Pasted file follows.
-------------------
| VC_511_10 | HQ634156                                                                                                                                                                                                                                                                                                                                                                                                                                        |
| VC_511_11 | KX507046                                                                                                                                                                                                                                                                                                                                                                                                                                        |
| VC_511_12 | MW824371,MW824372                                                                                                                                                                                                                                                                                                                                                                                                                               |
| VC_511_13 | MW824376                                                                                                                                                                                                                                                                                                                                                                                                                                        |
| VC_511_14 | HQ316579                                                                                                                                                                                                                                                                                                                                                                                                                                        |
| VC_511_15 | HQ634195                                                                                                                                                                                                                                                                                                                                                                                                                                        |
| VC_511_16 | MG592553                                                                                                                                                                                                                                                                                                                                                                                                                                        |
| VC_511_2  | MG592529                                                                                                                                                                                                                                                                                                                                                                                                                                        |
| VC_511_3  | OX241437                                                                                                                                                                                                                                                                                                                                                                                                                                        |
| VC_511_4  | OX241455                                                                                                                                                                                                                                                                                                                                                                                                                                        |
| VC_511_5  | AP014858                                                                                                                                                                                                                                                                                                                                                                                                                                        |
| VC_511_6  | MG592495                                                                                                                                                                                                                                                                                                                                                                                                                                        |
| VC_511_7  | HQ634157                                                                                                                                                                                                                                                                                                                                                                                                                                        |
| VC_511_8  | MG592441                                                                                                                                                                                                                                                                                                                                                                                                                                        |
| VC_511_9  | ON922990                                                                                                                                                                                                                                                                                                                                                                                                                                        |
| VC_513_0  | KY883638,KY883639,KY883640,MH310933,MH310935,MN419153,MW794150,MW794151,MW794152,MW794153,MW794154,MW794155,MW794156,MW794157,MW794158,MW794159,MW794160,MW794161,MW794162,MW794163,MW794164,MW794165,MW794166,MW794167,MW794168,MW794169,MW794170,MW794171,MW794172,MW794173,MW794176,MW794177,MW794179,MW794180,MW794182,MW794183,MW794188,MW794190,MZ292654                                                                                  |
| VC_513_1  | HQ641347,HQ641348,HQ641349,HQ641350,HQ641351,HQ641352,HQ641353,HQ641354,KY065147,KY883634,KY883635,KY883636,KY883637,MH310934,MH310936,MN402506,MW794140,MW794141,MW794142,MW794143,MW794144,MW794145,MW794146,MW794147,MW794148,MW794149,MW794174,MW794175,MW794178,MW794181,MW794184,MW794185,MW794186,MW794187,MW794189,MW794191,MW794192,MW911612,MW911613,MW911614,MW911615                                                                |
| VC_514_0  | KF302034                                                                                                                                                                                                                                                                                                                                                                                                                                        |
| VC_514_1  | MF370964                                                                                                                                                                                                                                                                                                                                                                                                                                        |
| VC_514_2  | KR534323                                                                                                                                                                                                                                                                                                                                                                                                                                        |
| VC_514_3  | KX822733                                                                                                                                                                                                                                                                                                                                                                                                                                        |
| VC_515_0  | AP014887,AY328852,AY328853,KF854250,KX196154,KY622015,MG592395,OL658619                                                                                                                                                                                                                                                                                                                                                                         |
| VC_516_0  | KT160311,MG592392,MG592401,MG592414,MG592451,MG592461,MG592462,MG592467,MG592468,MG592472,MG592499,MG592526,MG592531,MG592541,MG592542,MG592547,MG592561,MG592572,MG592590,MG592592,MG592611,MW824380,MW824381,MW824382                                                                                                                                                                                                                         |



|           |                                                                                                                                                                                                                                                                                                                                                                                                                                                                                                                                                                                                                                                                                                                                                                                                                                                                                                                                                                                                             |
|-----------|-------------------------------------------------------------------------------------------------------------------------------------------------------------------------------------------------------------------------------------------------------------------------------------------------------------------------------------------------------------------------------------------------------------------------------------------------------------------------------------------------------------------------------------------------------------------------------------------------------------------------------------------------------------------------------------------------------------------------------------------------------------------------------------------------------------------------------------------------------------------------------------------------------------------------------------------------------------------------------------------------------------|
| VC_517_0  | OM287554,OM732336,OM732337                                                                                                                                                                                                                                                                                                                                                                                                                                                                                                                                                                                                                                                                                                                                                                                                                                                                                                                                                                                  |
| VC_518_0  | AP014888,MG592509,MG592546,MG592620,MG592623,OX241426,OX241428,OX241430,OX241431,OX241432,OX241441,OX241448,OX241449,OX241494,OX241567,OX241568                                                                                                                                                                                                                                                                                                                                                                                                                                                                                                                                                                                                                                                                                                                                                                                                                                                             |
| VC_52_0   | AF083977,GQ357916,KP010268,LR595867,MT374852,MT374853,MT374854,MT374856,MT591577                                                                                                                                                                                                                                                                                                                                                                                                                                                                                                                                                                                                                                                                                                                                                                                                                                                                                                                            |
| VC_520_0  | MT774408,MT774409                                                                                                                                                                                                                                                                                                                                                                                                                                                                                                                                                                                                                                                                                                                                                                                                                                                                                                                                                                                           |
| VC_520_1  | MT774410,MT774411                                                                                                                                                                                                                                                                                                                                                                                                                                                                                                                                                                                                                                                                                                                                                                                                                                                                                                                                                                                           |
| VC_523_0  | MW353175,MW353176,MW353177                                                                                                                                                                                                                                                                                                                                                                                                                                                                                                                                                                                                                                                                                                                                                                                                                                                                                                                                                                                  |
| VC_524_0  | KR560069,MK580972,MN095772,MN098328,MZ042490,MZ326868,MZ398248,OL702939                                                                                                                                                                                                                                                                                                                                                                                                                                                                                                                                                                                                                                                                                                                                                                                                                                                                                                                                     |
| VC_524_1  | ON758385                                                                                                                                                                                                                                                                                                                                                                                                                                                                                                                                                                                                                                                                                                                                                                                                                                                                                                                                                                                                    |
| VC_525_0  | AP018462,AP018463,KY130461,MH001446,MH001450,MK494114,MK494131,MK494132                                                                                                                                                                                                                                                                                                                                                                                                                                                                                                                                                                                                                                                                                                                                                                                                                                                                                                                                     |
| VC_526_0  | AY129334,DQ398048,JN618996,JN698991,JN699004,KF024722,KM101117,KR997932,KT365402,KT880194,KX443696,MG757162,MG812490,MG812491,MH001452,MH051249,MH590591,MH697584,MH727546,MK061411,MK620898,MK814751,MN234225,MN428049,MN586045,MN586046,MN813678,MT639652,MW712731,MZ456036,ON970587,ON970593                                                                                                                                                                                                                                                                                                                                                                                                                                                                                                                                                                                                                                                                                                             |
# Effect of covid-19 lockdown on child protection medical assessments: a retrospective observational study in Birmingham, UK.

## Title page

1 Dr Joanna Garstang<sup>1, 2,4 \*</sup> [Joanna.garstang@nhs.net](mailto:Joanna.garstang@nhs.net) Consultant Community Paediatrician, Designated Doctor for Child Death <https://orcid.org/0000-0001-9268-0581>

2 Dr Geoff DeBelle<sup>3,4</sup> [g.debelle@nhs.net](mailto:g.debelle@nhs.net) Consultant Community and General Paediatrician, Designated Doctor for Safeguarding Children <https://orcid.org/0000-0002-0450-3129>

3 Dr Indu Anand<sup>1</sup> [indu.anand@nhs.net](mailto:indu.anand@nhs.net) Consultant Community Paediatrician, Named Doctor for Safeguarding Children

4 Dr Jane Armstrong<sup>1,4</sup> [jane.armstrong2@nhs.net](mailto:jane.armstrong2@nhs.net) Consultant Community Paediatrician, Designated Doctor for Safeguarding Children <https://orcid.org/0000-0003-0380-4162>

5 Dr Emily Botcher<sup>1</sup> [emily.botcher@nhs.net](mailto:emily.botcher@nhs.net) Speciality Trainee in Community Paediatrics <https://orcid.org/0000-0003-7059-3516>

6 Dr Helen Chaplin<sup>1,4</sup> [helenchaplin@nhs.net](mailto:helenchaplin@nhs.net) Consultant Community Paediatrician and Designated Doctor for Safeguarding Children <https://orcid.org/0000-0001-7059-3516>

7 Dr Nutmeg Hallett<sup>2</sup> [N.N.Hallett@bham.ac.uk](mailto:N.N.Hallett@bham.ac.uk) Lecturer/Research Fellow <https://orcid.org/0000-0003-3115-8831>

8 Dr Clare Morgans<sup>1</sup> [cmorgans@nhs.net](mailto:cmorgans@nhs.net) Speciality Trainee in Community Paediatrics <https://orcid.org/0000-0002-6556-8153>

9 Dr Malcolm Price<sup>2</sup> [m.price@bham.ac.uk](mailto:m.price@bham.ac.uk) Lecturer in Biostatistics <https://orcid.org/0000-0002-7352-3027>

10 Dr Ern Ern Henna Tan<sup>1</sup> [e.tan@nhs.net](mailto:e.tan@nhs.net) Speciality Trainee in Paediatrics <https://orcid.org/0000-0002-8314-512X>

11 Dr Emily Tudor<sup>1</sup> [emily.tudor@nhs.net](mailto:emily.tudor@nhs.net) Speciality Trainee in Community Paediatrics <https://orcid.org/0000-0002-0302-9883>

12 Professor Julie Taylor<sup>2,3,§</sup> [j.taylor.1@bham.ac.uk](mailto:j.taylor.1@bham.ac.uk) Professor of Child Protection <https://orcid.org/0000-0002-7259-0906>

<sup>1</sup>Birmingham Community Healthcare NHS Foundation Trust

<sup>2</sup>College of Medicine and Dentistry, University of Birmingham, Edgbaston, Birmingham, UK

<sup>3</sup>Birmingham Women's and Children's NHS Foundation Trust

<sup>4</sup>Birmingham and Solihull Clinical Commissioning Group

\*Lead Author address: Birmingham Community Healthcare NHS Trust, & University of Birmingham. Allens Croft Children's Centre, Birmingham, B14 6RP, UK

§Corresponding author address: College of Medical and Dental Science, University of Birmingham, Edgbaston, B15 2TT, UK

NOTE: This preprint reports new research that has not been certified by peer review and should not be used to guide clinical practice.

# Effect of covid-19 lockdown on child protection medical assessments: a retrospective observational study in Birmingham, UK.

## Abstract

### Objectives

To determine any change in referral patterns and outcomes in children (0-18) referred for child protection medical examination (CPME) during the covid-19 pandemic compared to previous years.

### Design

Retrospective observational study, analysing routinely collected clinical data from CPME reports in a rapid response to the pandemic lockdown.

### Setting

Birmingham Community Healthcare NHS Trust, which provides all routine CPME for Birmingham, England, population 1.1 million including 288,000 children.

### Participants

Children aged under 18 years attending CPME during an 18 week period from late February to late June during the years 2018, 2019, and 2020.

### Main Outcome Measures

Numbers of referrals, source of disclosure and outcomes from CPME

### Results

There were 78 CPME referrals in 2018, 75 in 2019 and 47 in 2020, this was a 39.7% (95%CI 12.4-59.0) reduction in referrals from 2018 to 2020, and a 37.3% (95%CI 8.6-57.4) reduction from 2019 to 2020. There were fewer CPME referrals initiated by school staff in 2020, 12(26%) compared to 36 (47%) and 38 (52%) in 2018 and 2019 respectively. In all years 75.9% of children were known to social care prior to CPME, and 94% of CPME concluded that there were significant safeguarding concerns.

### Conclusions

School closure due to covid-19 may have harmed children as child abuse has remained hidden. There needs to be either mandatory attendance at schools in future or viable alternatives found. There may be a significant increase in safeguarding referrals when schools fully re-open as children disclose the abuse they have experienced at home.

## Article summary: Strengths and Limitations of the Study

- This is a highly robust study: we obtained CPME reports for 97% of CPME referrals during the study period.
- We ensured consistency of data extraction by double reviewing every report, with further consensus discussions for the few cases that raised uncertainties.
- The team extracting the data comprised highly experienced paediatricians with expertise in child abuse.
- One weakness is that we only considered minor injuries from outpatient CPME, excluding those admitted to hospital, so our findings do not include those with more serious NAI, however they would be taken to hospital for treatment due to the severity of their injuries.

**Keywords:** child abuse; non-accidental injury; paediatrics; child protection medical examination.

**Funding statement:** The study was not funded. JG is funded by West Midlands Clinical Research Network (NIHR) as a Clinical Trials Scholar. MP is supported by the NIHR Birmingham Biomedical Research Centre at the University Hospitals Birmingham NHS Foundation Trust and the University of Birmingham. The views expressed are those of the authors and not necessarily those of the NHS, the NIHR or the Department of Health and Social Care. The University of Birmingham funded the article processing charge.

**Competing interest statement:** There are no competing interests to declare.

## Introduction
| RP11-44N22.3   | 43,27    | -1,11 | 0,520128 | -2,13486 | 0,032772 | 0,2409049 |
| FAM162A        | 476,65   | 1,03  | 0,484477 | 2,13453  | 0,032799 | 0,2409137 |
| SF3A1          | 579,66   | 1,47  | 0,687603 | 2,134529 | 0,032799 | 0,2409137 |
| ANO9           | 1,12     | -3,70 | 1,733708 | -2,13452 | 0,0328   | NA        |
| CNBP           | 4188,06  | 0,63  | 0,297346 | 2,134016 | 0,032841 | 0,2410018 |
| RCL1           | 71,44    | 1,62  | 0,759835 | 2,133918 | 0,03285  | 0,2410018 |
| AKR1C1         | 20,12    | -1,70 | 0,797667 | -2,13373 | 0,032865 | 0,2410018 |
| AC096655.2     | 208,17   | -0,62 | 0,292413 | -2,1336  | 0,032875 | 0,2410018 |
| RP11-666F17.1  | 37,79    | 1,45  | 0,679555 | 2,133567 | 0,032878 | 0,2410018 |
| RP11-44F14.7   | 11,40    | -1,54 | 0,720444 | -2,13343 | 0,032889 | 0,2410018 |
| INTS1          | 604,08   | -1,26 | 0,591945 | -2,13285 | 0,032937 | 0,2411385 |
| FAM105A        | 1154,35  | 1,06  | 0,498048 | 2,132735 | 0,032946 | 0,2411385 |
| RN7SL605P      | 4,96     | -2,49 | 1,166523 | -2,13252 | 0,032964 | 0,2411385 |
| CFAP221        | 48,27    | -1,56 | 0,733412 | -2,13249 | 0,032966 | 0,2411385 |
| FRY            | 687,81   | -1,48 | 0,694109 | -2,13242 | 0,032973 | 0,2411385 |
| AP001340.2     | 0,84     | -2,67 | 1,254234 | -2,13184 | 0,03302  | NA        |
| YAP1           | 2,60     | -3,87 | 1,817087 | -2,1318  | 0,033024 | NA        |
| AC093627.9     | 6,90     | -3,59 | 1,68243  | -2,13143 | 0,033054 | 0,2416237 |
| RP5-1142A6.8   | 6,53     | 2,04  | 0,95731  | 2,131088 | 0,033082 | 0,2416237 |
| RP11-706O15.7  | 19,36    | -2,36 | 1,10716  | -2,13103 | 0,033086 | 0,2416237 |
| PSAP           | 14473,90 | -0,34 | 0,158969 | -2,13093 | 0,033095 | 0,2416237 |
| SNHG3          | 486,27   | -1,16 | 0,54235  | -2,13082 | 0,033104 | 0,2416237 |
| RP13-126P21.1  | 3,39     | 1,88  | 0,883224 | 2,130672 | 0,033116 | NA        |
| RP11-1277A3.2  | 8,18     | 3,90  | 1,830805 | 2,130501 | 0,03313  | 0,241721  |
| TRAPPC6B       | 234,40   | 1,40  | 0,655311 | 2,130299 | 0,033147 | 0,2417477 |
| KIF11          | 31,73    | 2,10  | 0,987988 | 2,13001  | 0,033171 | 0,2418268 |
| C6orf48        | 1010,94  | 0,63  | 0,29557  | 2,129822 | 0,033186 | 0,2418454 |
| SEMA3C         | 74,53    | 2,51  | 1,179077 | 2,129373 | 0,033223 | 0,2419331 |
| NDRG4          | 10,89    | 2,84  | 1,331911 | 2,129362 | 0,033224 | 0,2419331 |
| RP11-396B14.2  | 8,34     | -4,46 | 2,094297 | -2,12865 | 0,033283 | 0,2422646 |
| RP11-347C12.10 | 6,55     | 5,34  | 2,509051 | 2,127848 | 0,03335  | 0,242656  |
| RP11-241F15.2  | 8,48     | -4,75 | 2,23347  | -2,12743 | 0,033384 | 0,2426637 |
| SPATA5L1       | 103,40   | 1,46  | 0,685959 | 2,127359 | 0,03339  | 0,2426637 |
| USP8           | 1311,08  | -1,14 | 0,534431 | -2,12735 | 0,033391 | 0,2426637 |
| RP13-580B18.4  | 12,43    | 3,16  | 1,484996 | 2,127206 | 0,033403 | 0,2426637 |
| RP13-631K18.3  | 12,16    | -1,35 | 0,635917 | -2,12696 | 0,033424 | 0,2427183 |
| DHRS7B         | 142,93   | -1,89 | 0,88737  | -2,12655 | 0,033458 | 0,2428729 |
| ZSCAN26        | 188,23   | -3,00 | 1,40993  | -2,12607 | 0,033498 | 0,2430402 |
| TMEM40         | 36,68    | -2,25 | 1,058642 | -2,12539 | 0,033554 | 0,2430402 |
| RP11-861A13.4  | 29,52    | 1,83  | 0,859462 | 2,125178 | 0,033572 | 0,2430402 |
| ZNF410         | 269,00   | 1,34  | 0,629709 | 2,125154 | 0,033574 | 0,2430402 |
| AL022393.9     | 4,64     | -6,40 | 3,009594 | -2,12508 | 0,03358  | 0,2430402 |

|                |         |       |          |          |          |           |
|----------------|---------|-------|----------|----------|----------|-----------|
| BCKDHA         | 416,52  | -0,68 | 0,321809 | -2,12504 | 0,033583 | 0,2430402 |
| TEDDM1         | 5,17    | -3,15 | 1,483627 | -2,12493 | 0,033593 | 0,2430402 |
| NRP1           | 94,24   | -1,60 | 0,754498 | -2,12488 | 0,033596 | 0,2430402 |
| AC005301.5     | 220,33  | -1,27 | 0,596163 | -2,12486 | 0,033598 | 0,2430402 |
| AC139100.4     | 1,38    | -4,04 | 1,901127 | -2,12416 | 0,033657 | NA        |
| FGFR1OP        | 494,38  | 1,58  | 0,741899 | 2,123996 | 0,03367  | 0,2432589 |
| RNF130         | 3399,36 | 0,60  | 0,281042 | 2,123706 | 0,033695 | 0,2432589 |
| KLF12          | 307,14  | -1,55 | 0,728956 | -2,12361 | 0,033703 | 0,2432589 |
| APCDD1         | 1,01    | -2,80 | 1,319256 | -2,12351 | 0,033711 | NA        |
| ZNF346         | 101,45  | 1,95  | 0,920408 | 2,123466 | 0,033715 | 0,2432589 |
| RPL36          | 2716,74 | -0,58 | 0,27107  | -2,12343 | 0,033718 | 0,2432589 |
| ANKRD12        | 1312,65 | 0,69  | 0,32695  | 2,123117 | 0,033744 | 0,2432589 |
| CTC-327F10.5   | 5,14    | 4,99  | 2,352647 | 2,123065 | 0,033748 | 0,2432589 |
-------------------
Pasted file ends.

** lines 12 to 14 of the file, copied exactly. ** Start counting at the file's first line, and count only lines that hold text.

| VC_511_6  | MG592495                                                                                                                                                                                                                                                                                                                                                                                                                                        |
| VC_511_7  | HQ634157                                                                                                                                                                                                                                                                                                                                                                                                                                        |
| VC_511_8  | MG592441                                                                                                                                                                                                                                                                                                                                                                                                                                        |